Jacob Mora

Jacob Mora
July 11, 2018 Deanne Gertner
Photo by Jamie Kraus Photography

MORAPORVIDA CONTEMPORARY DANCE


Photo by Jamie Kraus Photography

Photo by Jamie Kraus Photography

Jacob Mora, Artistic Director of Moraporvida Contemporary Dance, knows Denver’s dance scene from the inside out. As a dancer and/or instructor with organizations such as Cleo Parker Robinson, Hannah Kahn Dance, Santee Smith Group, and Sweatshop Dance, he helps make more space for the dance community. He views his participation in the Presenting Denver Dance Festival as a way to raise awareness of both Moraporvida and the diverse dance talent along the Front Range. “Dance,” he says, “is high art. And it’s under fire.” The company performed a world premiere titled With or Without at The Newman Center for the Performing Arts as part of the festival’s presentation of New & Now.

Mora begins the creative process with an idea and searches for anything and everything that informs that idea. He says he defines, interprets, redefines, and then re-interprets. The choreographic process is continual. “Subtext,” he says, “is the perfect word for what I do. It’s like defining chemistry with someone.” Getting at what’s underneath the idea, the causality of what happens in the “in between,” drives Mora’s choreographic process. He’s interested in the undercurrents, the unspoken, the underbelly. He strives to elucidate the emotional center by speaking metaphorically. Even with his social justice work, Mora says he tackles the emotional perspective first and political second. With or Without investigates place, the acts of treading and stepping, watchfulness. He says, “Where kings tread, they bring royalty. Where burns tread, they bring pain.” Thematically, he sees the piece as an exploration of vulnerability.

Photo by Jamie Kraus Photography

Photo by Jamie Kraus Photography

Mora uses music as a jumping-off point for the movement. He creates his own score by mixing and melding sounds starting with up to 30 different pieces before narrowing it down to three or four that represent the piece. He approaches sound and movement through a kind of synesthesia, asking “How does emotion sound?” He calls the process heady, meditative, tricky, artful. He produces, creates, and performs with multiple bands across the genres of hip hop, electronic, and avant-garde music.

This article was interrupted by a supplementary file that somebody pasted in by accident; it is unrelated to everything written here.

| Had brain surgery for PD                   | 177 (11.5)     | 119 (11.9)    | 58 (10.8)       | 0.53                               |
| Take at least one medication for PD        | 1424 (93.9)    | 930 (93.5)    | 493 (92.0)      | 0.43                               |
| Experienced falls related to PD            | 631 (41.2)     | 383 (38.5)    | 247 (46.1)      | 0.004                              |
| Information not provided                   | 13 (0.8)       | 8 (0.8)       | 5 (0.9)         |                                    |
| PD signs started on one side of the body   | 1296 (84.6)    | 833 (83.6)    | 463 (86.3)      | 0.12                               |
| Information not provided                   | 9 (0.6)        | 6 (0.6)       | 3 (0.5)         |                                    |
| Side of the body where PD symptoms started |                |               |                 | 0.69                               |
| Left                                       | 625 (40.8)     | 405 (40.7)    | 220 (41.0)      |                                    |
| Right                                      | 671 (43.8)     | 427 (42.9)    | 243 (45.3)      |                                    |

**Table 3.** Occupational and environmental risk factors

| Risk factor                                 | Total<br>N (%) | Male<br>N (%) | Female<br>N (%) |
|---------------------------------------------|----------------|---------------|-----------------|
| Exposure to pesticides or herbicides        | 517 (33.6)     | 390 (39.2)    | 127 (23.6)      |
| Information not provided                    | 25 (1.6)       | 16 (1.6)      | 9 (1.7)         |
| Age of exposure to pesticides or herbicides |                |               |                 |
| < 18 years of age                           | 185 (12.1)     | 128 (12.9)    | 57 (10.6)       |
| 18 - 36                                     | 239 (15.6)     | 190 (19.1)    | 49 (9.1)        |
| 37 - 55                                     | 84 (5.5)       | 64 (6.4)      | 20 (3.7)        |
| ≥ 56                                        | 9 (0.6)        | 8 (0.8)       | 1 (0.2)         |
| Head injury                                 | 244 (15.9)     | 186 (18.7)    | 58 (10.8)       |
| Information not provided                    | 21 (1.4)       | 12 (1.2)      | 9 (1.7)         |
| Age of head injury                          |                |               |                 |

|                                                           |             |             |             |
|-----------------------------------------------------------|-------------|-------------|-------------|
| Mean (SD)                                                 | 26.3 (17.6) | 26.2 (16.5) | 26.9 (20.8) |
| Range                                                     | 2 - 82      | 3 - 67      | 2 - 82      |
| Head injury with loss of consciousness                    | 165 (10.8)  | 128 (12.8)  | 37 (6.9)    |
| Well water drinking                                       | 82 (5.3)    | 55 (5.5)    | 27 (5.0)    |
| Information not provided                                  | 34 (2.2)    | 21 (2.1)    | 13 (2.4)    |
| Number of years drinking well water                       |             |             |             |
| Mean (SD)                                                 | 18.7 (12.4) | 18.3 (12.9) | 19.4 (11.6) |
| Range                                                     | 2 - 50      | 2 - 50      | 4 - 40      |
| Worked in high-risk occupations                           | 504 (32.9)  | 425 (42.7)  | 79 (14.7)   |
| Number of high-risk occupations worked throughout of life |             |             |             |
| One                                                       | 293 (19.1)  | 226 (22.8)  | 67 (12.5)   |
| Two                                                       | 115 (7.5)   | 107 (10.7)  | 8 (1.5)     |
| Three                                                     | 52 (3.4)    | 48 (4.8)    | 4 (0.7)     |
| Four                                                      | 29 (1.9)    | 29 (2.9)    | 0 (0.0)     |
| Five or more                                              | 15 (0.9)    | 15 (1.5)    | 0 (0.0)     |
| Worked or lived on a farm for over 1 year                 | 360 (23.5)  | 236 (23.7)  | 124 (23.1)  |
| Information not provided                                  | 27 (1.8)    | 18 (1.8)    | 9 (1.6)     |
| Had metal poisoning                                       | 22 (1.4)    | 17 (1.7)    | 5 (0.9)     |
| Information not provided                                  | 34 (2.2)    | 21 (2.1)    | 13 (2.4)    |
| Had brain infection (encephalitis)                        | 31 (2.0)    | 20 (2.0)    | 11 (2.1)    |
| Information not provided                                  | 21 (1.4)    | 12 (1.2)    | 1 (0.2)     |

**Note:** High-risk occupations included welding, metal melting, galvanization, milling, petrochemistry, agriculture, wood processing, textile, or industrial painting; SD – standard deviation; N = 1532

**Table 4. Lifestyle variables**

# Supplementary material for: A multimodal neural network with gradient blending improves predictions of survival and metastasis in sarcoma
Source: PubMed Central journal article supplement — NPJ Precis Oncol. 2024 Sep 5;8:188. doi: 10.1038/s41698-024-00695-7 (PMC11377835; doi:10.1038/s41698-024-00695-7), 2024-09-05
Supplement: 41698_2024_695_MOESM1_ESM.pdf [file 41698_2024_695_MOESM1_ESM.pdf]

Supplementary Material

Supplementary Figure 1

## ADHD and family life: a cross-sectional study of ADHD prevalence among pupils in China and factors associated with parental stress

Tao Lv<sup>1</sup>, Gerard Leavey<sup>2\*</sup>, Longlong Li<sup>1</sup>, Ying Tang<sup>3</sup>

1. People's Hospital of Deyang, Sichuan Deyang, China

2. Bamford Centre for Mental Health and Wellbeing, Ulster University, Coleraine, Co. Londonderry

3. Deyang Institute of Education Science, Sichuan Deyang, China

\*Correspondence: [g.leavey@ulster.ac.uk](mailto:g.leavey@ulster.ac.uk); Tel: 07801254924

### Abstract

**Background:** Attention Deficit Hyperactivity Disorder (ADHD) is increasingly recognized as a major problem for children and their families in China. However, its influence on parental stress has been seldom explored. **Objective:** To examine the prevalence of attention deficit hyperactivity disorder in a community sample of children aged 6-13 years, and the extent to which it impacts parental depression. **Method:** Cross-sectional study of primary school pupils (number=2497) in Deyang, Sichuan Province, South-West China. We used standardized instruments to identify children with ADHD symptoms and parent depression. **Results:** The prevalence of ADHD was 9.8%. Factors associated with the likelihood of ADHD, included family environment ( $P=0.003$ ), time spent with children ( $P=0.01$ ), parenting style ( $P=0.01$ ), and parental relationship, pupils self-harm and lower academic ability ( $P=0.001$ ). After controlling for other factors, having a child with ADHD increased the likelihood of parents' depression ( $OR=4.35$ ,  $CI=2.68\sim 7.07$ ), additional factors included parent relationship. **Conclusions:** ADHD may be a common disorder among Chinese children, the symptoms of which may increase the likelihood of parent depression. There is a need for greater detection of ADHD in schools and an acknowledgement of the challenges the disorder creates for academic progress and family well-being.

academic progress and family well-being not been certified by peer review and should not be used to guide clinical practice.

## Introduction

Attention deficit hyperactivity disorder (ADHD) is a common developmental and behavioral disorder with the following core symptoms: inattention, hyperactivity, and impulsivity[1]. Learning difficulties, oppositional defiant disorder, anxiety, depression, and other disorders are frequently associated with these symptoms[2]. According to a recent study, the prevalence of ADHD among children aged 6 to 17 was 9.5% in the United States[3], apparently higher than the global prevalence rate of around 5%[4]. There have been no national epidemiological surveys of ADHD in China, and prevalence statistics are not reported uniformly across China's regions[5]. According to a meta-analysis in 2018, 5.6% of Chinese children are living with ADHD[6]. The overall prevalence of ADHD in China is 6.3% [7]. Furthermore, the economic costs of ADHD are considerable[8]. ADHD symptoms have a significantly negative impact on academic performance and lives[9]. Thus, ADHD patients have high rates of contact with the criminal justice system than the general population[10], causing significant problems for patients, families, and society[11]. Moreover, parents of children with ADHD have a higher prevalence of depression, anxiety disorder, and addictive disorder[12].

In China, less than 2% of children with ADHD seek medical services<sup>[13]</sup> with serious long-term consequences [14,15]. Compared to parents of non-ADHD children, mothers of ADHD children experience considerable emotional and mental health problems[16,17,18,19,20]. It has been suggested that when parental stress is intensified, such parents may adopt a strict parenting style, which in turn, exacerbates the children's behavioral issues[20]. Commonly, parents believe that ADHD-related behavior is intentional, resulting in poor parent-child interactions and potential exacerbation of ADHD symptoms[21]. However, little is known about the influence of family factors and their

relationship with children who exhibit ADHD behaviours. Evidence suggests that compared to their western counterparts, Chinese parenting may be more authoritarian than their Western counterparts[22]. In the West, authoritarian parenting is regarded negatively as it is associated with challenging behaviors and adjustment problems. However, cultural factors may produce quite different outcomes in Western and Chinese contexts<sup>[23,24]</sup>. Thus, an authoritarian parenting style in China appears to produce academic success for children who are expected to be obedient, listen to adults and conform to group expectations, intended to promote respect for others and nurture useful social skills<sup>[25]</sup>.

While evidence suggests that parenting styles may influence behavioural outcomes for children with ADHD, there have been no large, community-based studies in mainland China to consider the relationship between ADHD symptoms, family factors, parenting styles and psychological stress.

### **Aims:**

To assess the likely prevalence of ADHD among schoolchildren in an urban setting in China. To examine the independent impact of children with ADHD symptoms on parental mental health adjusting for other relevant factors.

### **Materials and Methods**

When selecting dancers for the festival and for the company, Mora looks for those with well-rounded, diverse backgrounds because his work melds modern, contemporary, and urban styles of dance. He wants dancers with experience that has “stained [them] in the right way.” He looks for dancers with a certain mental and emotional perspective, those without limitations. He seeks dancers with a willingness to be part of the experience and a lack of ego. He looks for dancers who are skilled but who can also take suggestions, as his movement is not easy and his choreographic process includes exploration, challenge, and trial and error. He says his dancers must have a spiritual and mental resilience and bring their own energy to the work. “If you’re coming with smoothness, I’m coming with steel,” Mora says, “If you’re coming with steel, I’m coming with butter.”

Moraporvida was stunning in action at The Newman Center. Don’t miss another opportunity to experience Moraporvida; you might leave stained in the right way yourself.


Deanne Gertner: A Colorado native, Deanne Gertner is a graduate from Regis University and the Vermont College of Fine Arts. She currently sits on the board of Lighthouse Writer’s Workshop and was previously involved with CultureHaus, the Denver Art Museum’s young professionals’ group.  Her writing has appeared in DailyServing, Quaint Magazine, and Scintilla. She is currently at work on a collection of essays about family dynamics in addition to editing a newspaper/zine about happiness for Denver Theatre District’s Happy City project with U.K. artist Stuart Semple.

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